Nothing we have ever thought or done will escape God. But while God knows everything about us, He still loves us. God doesn’t seek to know us to meet a bottom line. He seeks to know us because of His great love, shown to us in the person and work of His own Son. We cannot hide anything from Him, and that is for our good. 

Data as Property

One of the most common ways we think about privacy is through the lens of personal property. This concept is behind much of the privacy legislation that has been enacted over the past few years, because it ties your privacy to your property. Just as someone can’t just take your possessions or steal from you legally, this logic is extended to our digital possessions or property such that you must give permission or access to others to use this data and others are accountable to how they use it. While Christians will apply these truths in a variety of ways to privacy rights, we must keep certain truths central to our thinking about privacy. 

Exodus 20:15 gives us some insight into how we are to think about personal property rights, even in our digital age. The eighth commandment states, “You shall not steal.” The Ten Commandments sum up the entire law in the Old Testament, thus we know that these commandments hold a lot of concepts together. The eighth commandment has a lot packed into it that can guide us as we think about issues of privacy.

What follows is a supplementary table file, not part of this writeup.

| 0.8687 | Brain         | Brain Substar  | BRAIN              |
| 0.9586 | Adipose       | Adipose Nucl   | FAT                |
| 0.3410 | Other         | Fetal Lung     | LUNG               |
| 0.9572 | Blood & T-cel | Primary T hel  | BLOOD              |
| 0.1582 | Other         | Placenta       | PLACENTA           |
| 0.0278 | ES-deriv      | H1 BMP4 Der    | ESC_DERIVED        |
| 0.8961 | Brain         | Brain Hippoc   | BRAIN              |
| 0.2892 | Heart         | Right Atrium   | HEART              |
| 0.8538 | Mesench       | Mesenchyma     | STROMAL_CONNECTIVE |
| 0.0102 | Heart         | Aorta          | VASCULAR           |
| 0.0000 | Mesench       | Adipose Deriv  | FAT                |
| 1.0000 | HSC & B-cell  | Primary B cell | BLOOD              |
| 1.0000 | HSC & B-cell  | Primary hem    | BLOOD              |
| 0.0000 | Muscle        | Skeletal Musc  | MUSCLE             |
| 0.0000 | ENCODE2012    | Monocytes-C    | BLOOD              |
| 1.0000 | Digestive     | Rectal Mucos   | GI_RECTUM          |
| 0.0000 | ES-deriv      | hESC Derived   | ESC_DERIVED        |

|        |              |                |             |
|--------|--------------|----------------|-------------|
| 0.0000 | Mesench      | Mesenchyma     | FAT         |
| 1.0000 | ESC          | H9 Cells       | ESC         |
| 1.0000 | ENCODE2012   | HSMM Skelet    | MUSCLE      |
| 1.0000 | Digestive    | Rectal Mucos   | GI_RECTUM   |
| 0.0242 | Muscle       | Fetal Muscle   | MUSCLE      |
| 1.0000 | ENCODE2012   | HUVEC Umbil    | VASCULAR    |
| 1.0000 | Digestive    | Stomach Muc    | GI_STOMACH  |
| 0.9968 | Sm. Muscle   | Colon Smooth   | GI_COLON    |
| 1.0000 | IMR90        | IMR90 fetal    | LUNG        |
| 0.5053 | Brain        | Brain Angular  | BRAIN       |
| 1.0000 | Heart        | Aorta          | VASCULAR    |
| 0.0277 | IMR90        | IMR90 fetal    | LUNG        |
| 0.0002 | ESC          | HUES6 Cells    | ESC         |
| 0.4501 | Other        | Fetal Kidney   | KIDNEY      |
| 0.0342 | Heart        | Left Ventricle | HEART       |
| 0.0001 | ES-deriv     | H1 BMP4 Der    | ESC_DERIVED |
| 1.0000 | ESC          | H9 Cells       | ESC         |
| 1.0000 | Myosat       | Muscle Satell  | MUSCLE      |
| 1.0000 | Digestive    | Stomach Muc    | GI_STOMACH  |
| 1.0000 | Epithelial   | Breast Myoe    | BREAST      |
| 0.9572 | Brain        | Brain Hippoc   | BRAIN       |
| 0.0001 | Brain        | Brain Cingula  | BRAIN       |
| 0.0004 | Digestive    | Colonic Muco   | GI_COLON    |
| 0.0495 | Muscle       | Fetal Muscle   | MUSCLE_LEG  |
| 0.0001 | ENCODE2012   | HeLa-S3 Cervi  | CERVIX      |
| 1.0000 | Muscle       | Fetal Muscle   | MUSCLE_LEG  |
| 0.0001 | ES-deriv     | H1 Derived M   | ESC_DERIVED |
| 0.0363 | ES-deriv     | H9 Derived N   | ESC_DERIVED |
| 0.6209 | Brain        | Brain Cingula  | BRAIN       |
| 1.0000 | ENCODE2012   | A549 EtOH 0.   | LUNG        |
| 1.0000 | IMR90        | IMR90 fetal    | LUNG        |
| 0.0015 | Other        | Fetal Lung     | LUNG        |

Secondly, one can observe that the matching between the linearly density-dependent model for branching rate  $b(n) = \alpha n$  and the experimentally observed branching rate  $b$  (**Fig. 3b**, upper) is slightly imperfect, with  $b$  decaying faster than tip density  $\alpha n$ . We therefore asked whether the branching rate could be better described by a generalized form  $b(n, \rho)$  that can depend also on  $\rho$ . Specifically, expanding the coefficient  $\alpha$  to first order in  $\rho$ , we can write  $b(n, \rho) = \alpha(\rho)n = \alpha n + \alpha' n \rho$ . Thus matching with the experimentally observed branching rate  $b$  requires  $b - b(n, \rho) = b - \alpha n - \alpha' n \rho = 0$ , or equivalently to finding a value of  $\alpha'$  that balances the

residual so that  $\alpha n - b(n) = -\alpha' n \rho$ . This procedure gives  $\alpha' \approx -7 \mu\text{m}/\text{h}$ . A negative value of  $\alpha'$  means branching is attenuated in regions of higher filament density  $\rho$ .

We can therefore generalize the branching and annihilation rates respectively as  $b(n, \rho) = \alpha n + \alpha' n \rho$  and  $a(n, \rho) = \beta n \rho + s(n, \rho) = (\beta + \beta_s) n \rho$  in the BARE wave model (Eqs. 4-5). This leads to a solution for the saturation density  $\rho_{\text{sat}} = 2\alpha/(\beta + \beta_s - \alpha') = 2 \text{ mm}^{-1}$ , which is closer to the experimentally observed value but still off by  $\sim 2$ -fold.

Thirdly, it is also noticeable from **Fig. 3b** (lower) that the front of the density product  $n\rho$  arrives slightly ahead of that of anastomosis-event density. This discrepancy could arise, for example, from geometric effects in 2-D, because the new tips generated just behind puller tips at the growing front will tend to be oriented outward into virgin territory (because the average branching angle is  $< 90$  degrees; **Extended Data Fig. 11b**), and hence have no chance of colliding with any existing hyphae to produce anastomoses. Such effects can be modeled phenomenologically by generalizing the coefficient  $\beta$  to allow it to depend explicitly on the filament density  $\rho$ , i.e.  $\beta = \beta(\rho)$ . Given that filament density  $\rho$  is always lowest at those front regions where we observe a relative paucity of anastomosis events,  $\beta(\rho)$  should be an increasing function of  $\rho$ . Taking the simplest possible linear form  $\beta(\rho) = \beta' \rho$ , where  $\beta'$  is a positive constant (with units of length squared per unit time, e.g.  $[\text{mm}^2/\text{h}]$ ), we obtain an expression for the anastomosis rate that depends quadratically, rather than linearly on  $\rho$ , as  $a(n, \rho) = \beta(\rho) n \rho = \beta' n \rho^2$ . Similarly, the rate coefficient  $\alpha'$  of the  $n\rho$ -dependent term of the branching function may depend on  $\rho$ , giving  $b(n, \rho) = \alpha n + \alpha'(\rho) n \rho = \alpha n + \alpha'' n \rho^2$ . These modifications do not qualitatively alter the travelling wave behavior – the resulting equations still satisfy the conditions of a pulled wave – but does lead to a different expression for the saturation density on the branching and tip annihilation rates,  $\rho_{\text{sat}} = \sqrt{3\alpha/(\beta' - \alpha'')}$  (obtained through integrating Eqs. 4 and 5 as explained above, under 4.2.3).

First, we see that we are to love our neighbors and not take advantage of them, because the context of the commandments and the law is each person’s being created in God’s image. Everything we have has been given to us by God, thus we are not to take or steal things from other people. By stealing what has been given to another, we do two things: deny the dignity of the victim and also proclaim that we must provide for ourselves outside of God’s law in contradiction to Matthew 6:25–34, where Jesus tells us not to be anxious about anything because God knows everything we need and will provide. 

Second, we see that there is a sense in which the things we have been given by God are our personal stewardship and property until the time of Christ’s return (Matthew 13). We have been given everything in this life, including our very lives, in order to glorify God and love our neighbor (Matt. 22:37–39). This property has been entrusted to us and thus is not fair game for others to take from us or for us to take from those around us. 

In our digital age, we increasingly have digital possessions, and property rights are naturally extended to those things as well. We own digital rights to access content like movies, TV shows, books, and games as well as digital tools and services. Just because something is digital doesn’t mean that it can be taken from us without our permission or manipulated toward selfish gains. With the rise of our ever-expanding digital world and the data collected on us each day, we must think wisely about how we wield digital assets and property in ways that honor God and help us to see the dignity and worth of every human being regardless of their perceived value in our society.